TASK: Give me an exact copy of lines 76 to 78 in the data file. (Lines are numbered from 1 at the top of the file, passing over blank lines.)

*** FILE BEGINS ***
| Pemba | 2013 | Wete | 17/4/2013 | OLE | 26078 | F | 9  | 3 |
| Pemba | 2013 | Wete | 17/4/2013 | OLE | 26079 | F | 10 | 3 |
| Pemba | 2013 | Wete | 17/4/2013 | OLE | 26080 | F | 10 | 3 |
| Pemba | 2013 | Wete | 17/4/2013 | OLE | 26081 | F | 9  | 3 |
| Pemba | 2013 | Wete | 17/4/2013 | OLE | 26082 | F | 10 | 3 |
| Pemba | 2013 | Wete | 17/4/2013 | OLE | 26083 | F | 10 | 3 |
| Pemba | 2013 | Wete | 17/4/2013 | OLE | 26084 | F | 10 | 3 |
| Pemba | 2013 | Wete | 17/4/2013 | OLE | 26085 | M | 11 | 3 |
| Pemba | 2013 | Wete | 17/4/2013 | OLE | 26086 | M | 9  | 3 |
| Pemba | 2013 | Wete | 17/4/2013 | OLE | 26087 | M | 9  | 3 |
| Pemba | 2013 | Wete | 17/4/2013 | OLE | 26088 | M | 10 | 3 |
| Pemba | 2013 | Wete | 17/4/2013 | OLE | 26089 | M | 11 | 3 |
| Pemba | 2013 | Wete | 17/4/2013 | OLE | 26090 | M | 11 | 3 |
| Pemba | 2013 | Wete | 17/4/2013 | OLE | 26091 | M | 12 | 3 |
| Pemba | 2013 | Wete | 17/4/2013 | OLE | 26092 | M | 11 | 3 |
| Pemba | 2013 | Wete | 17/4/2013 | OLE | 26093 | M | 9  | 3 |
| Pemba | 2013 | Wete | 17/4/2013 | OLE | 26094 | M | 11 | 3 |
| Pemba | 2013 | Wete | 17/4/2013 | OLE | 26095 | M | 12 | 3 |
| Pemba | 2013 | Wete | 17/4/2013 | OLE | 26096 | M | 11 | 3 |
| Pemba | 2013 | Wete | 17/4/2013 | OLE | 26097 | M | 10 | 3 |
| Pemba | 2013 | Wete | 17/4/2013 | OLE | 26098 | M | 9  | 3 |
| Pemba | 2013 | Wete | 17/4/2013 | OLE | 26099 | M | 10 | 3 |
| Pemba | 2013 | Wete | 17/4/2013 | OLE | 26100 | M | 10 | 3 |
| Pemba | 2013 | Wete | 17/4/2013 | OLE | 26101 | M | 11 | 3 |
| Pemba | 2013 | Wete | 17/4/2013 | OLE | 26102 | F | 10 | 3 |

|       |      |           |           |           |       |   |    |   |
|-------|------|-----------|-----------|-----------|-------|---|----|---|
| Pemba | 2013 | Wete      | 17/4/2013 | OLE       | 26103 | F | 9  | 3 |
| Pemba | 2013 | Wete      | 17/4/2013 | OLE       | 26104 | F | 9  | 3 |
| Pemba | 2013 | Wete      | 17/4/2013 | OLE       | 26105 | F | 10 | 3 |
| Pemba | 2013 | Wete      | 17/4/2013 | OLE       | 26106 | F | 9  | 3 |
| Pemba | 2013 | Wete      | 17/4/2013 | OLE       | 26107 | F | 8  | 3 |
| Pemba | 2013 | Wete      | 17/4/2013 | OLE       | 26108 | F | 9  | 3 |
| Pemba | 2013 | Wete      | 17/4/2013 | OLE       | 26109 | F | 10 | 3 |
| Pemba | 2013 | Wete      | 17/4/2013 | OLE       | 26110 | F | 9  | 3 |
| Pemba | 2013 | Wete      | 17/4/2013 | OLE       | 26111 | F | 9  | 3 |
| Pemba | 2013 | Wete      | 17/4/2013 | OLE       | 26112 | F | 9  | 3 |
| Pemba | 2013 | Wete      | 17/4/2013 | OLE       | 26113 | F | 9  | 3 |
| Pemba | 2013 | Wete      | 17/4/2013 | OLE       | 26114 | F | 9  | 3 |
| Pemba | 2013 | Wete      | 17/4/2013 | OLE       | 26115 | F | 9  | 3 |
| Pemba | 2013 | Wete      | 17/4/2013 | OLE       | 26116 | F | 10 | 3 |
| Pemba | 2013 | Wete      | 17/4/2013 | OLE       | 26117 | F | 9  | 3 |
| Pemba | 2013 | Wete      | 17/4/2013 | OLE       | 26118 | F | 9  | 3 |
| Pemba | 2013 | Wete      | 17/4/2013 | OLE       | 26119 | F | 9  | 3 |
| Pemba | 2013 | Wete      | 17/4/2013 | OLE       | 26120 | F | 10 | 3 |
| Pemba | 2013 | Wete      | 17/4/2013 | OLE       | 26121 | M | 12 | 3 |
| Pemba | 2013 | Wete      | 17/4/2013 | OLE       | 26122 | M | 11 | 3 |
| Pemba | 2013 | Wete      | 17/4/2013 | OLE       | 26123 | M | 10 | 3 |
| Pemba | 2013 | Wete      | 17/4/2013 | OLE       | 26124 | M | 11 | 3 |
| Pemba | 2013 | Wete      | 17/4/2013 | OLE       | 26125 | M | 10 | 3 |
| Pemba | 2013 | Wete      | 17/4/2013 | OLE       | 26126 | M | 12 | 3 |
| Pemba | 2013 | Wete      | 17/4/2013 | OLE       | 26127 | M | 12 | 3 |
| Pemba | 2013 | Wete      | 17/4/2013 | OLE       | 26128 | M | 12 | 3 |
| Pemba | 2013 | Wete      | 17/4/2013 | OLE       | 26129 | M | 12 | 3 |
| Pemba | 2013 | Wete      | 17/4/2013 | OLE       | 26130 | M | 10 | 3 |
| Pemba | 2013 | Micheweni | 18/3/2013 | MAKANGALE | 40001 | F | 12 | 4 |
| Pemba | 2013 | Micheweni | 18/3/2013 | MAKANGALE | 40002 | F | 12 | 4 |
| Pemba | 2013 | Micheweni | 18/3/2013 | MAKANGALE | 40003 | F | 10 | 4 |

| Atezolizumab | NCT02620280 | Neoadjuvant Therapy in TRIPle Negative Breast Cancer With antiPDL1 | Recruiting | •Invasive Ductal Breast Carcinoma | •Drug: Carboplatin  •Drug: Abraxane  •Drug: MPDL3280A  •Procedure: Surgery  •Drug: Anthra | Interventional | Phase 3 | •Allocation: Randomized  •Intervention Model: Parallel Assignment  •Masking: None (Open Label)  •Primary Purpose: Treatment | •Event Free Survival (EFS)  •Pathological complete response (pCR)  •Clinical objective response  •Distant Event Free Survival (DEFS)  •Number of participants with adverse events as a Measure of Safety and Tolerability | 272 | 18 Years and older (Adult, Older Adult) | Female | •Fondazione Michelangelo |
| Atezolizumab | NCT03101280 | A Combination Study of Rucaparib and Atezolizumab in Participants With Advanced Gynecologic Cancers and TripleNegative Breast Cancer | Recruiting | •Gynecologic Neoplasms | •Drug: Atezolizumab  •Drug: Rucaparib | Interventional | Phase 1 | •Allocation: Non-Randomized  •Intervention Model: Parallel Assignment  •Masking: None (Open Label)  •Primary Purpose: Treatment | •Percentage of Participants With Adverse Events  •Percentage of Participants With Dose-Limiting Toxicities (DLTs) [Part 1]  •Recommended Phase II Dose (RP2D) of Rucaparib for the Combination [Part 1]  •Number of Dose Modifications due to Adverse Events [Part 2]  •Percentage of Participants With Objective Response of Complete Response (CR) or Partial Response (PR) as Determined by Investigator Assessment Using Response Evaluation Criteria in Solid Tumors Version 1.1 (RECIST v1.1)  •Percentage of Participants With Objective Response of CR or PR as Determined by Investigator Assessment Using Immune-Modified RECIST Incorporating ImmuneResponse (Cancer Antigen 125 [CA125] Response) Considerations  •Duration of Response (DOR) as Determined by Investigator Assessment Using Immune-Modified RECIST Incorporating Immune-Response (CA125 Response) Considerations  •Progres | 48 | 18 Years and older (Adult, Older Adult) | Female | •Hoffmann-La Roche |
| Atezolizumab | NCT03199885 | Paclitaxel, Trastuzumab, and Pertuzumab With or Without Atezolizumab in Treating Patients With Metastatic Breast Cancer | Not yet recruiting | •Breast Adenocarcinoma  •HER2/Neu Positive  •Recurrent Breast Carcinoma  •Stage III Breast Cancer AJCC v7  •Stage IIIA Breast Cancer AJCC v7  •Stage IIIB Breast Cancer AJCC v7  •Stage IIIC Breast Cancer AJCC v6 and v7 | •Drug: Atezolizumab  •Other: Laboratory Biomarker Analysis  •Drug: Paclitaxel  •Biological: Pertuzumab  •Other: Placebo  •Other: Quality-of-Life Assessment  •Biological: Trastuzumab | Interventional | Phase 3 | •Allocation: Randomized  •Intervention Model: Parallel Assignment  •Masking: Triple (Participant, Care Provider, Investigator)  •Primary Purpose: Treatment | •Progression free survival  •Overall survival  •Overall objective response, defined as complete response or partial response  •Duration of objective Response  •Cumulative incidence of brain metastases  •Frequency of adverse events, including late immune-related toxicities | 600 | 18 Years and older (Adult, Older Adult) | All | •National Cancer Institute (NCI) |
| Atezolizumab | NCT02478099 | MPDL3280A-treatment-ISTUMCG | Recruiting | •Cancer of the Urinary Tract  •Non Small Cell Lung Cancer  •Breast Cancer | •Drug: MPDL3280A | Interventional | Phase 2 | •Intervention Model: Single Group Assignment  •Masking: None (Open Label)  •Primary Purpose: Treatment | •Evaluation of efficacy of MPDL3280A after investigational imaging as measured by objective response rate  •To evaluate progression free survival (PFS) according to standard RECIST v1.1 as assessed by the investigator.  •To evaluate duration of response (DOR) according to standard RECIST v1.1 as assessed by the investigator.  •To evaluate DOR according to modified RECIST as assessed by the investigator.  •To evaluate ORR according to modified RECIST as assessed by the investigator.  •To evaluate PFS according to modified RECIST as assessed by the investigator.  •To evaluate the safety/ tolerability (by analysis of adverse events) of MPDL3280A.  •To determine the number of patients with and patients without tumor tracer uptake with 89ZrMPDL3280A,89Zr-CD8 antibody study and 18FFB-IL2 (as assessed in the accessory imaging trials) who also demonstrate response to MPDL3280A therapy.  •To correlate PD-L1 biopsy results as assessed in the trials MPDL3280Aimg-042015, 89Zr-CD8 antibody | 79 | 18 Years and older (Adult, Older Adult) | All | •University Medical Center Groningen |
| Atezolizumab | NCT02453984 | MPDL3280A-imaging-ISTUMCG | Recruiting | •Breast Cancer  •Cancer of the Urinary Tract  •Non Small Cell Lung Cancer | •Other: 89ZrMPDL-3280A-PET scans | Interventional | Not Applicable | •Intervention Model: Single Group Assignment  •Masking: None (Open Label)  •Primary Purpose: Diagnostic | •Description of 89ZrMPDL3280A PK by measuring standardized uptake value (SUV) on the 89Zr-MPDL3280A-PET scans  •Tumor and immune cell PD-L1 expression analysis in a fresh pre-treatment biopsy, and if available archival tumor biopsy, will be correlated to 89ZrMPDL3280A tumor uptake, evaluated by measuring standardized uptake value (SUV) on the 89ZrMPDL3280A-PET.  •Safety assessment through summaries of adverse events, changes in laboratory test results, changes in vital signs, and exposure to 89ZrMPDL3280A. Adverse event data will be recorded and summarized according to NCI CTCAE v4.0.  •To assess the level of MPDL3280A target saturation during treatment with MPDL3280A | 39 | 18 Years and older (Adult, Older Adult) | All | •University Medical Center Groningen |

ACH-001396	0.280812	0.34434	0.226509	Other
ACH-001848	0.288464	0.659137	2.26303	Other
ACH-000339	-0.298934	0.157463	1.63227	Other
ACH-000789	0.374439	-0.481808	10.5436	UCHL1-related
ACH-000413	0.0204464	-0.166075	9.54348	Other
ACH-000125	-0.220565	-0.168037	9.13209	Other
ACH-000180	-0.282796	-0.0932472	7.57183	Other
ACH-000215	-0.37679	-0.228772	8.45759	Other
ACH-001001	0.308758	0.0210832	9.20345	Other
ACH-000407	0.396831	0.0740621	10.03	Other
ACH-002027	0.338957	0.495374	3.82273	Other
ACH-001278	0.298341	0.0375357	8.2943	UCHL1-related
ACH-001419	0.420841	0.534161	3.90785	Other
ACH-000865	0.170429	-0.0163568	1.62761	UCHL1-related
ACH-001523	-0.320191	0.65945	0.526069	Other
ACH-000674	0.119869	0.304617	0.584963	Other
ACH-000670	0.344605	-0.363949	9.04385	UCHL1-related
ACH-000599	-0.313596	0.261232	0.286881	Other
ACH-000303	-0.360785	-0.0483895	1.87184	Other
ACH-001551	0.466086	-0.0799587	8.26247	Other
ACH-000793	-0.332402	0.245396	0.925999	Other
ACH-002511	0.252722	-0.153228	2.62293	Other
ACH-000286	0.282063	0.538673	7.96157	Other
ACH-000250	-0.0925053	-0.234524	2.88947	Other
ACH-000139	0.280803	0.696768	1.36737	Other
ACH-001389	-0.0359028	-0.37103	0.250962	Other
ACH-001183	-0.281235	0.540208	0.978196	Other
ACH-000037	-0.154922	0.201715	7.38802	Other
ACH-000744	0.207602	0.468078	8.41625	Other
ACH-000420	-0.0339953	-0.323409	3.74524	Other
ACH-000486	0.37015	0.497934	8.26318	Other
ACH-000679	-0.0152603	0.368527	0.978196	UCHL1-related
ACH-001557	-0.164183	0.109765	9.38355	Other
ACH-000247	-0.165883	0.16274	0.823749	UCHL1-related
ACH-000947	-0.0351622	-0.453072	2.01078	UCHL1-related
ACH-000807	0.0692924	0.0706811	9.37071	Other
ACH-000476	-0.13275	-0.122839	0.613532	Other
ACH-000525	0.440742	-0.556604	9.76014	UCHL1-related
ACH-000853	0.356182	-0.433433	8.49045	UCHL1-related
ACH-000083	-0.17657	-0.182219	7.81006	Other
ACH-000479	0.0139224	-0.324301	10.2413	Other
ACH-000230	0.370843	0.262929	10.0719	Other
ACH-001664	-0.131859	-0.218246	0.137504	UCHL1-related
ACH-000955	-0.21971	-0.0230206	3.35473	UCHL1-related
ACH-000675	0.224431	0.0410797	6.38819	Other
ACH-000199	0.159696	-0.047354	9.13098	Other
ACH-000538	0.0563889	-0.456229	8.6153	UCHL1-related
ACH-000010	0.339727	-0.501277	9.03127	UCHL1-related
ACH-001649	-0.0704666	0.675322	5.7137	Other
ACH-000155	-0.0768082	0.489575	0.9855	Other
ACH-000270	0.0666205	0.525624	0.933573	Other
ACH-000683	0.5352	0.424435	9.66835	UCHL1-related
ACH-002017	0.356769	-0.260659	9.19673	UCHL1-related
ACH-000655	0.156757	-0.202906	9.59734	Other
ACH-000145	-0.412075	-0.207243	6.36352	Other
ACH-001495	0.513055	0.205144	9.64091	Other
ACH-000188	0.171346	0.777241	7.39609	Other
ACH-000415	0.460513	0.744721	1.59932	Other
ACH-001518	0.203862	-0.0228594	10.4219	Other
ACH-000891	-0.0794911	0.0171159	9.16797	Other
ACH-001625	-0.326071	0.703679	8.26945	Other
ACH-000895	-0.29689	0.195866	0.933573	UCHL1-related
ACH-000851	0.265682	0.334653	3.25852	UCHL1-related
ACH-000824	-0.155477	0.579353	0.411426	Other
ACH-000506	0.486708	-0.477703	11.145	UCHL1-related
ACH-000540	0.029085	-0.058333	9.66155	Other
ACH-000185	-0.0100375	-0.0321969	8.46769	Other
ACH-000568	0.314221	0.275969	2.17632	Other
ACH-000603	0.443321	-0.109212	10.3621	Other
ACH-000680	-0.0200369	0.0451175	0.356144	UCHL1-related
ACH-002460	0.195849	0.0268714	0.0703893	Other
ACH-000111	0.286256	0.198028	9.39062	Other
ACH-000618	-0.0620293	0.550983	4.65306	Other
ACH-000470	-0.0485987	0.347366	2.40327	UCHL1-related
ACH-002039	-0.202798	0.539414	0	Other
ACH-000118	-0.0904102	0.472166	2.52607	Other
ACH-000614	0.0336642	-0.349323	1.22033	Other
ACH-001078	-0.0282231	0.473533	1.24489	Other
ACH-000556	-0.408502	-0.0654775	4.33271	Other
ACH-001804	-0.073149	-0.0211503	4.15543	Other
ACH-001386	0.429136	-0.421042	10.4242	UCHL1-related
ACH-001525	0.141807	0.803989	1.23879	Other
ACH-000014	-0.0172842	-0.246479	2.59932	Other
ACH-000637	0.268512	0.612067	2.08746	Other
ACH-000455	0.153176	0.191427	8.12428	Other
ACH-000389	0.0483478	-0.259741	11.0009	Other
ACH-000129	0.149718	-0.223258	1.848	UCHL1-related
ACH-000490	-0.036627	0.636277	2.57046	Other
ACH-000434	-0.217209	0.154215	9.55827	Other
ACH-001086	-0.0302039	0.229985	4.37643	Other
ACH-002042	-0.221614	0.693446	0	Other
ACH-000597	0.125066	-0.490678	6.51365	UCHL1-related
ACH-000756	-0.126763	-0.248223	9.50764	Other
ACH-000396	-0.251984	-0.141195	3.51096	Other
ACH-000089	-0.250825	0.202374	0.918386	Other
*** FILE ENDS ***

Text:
ACH-001419	0.420841	0.534161	3.90785	Other
ACH-000865	0.170429	-0.0163568	1.62761	UCHL1-related
ACH-001523	-0.320191	0.65945	0.526069	Other